You know those moments when people tell you to watch something and the sound of their voice drowns in usual, monotone programming recommendation noise? It stays in the back of your head, for that particular lie you keep telling yourself: “I’ll watch it when I finish Netflix”, or maybe you’ll bench it for the 17th Covid wave. This is not one of those moments. I know everyone says this, but this is NOT one of those moments. This is that life-changing moment where you’re actually crippling yourself by not turning on Normal People right this minute, and/or ordering the book as we speak.

I have never watched something quite like this. I watched everything that exists, yet not a single show made me feel some uncharted, confusing, brilliant, transforming kind of feel like this one. I can’t even break it down in sense; is it because of the acting, is it the delivery, the plot, the dialogue? I can’t tell you. I don’t know!

What I can tell you, I almost got fired when I read the book. A friend that recommended it to me told me precisely: “Read it on a day where you have nothing to do”. I, of course, didn’t listen, started, and refused to live, eat, work, breathe until I finish it. I was so consumed in it, the life outside stop mattering; and repercussions for my absence in my real life obligations all seemed worth it.

Also, I can’t really convey the excellence of this show with words. It is so many things, and so many feelings, I don’t know where fiction ends and where it brings you to your school days, reminding you of everything that ever mattered and made you who you are.

The story itself isn’t something we’ve never seen before. There is a boy, there’s a girl, there’s high school, there are cliques, there’s a family, popularity, identity, there’s Ireland. But au contraire to all of the shows you ever watched, specifically the American ones where the cliche is punching you in the face with the regular programming such as – with wealth comes popularity, the girl/boy is unkempt until a popular love interest catapults their evolution, and there we fade out.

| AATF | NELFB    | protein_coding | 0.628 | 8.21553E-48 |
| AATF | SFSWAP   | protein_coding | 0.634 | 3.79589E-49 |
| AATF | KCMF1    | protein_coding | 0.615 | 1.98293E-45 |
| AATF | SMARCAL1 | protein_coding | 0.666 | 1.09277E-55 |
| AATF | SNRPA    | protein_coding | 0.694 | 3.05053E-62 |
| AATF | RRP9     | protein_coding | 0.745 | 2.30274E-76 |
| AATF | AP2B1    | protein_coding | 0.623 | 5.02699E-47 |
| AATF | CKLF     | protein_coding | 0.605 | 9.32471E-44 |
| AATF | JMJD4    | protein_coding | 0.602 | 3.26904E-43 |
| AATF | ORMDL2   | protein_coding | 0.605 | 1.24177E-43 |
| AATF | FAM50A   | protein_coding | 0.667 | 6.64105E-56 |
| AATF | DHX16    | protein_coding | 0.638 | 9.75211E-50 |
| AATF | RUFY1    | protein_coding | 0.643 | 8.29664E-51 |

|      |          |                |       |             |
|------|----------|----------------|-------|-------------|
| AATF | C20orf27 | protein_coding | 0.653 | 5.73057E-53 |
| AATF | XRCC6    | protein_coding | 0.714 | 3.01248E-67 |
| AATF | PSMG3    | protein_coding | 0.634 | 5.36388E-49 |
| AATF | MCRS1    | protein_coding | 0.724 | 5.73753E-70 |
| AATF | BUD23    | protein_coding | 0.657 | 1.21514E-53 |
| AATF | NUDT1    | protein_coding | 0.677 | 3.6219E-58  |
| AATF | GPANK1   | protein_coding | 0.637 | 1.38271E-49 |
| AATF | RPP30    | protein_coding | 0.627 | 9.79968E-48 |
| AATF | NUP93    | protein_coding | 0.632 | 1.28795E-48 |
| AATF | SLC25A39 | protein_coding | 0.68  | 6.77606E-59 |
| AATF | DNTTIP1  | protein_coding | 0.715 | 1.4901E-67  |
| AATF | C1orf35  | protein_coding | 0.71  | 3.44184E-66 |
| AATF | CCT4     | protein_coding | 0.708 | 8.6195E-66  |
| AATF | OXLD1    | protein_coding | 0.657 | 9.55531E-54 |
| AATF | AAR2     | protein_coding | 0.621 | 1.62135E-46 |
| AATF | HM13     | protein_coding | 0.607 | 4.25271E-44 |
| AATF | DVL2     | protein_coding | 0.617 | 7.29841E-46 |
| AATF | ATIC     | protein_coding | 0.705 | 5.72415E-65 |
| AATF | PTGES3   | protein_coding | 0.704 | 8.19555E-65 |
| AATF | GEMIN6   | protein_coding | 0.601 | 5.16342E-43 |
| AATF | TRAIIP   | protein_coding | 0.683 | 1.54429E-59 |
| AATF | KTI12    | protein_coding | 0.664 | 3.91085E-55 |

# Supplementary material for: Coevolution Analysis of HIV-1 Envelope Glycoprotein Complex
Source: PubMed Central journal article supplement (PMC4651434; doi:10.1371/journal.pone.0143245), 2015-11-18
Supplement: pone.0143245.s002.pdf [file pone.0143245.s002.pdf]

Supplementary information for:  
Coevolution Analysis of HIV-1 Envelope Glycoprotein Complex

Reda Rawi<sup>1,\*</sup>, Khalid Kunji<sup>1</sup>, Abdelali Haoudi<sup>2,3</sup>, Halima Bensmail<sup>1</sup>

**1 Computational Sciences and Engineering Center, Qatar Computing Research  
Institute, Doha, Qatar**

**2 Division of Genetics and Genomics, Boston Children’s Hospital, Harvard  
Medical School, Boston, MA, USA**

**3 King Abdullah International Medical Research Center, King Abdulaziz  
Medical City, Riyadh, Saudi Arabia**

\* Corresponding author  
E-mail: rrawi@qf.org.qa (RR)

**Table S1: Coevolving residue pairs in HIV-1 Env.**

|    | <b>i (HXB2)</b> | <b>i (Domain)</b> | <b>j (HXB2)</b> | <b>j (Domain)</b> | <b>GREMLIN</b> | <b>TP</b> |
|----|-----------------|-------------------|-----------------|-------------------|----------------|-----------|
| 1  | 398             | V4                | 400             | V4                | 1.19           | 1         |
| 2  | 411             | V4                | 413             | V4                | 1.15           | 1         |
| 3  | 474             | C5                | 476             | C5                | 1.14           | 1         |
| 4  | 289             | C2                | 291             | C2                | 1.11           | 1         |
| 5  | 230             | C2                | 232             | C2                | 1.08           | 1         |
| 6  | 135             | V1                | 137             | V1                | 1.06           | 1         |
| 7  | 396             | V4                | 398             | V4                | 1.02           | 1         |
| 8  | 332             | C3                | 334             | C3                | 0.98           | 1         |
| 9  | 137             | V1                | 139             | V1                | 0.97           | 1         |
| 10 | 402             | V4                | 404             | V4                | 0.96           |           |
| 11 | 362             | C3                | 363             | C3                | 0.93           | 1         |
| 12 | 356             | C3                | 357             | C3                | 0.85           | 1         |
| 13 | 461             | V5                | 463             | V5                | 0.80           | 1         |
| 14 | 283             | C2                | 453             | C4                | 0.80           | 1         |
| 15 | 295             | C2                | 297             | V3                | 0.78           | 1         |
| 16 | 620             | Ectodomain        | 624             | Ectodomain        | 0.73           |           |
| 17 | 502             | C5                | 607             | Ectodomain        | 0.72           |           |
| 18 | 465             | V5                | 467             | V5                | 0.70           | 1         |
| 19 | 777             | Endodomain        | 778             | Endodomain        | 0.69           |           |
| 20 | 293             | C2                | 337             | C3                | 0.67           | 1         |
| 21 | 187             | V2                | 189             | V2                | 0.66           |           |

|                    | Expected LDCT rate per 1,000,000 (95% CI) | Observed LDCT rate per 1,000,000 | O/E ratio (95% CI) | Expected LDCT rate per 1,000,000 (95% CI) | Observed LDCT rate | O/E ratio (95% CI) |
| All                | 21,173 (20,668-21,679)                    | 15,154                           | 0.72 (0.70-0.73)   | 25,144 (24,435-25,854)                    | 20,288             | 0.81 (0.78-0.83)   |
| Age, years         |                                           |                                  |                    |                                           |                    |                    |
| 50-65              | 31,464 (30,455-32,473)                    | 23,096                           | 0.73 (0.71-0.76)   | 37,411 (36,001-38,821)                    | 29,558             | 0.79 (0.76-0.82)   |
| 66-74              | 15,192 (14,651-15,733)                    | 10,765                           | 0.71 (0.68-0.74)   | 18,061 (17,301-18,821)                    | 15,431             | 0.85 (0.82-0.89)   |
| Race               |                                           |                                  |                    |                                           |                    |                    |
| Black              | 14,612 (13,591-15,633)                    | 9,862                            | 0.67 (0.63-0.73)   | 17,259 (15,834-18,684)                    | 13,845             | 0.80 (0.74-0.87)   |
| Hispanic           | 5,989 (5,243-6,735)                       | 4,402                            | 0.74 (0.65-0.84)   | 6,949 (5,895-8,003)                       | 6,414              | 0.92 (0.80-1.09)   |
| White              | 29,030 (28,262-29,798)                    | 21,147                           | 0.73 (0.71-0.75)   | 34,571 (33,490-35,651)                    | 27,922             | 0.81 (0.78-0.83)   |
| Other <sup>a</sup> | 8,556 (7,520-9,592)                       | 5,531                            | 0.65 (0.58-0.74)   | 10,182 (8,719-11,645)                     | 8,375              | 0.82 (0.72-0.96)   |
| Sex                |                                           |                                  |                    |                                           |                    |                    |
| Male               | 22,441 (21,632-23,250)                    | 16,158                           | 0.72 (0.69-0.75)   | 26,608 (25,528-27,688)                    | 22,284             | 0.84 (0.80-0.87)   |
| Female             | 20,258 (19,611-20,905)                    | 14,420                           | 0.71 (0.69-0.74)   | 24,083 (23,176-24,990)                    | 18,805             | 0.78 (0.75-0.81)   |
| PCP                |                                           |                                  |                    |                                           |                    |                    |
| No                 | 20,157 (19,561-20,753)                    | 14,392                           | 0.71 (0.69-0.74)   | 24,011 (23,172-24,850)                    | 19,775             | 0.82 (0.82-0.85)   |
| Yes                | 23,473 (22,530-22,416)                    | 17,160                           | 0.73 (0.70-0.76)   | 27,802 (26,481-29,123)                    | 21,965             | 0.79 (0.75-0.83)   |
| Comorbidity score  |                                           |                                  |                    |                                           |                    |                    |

Author of Normal People, Sally Rooney – doesn’t insult us with this surface; and not necessarily because she is more talented writer than others (she is), but because she’s not trying to be a voice of a generation, nor she relies on gimmicks like over-literalizing her characters as we see in most American young adult novels or tv-shows with too articulate teenagers. Her characters are real, like her, like us. In the sex scenes, they feel more than they talk, and we feel it all with them.

Sally Rooney did all this at 27 years old.

The Guardian described her as: “Rooney’s being hailed as the voice of the millennials, a Snapchat Salinger. It was an intensity of acclaim that happens once or twice in a generation, placing her alongside Donna Tartt or Zadie Smith as a writer who appeared to emerge fully formed, not only in her craft but as a literary celebrity and a mouthpiece for something in the culture that needed to be articulated.”

For SOMETHING in the culture that must be articulated.

Enter, actors. Paul Mescal as Connell and Daisy Edgar-Jons as Marianne are one of the main reasons this show is as legendary as the book. I can’t quite give them justice; there are no adequate words to verbalize their chemistry, you have to experience it. Experience them. They are why Normal People is such a phenomenon and why it sparked a Shakespearean level of romance chatter in the industry. Both practically beginners, they each had only one or two roles prior to Normal People.